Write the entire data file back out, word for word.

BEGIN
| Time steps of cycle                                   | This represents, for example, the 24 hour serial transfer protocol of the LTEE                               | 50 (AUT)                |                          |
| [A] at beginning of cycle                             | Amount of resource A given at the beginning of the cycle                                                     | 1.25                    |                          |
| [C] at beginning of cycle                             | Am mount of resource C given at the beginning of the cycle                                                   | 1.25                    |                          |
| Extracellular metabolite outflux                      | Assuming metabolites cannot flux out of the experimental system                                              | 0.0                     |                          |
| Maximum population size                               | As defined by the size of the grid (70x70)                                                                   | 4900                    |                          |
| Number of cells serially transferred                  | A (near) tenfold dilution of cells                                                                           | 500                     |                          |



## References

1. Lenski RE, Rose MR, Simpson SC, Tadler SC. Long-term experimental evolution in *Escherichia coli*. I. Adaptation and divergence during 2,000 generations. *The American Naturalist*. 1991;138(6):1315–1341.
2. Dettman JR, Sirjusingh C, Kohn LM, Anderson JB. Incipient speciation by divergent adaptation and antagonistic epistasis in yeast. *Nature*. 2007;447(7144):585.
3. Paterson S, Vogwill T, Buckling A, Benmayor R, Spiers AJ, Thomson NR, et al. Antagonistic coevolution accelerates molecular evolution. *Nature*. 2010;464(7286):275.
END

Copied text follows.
| Time steps of cycle                                   | This represents, for example, the 24 hour serial transfer protocol of the LTEE                               | 50 (AUT)                |                          |
| [A] at beginning of cycle                             | Amount of resource A given at the beginning of the cycle                                                     | 1.25                    |                          |
| [C] at beginning of cycle                             | Am mount of resource C given at the beginning of the cycle                                                   | 1.25                    |                          |
| Extracellular metabolite outflux                      | Assuming metabolites cannot flux out of the experimental system                                              | 0.0                     |                          |
| Maximum population size                               | As defined by the size of the grid (70x70)                                                                   | 4900                    |                          |
| Number of cells serially transferred                  | A (near) tenfold dilution of cells                                                                           | 500                     |                          |



## References

1. Lenski RE, Rose MR, Simpson SC, Tadler SC. Long-term experimental evolution in *Escherichia coli*. I. Adaptation and divergence during 2,000 generations. *The American Naturalist*. 1991;138(6):1315–1341.
2. Dettman JR, Sirjusingh C, Kohn LM, Anderson JB. Incipient speciation by divergent adaptation and antagonistic epistasis in yeast. *Nature*. 2007;447(7144):585.
3. Paterson S, Vogwill T, Buckling A, Benmayor R, Spiers AJ, Thomson NR, et al. Antagonistic coevolution accelerates molecular evolution. *Nature*. 2010;464(7286):275.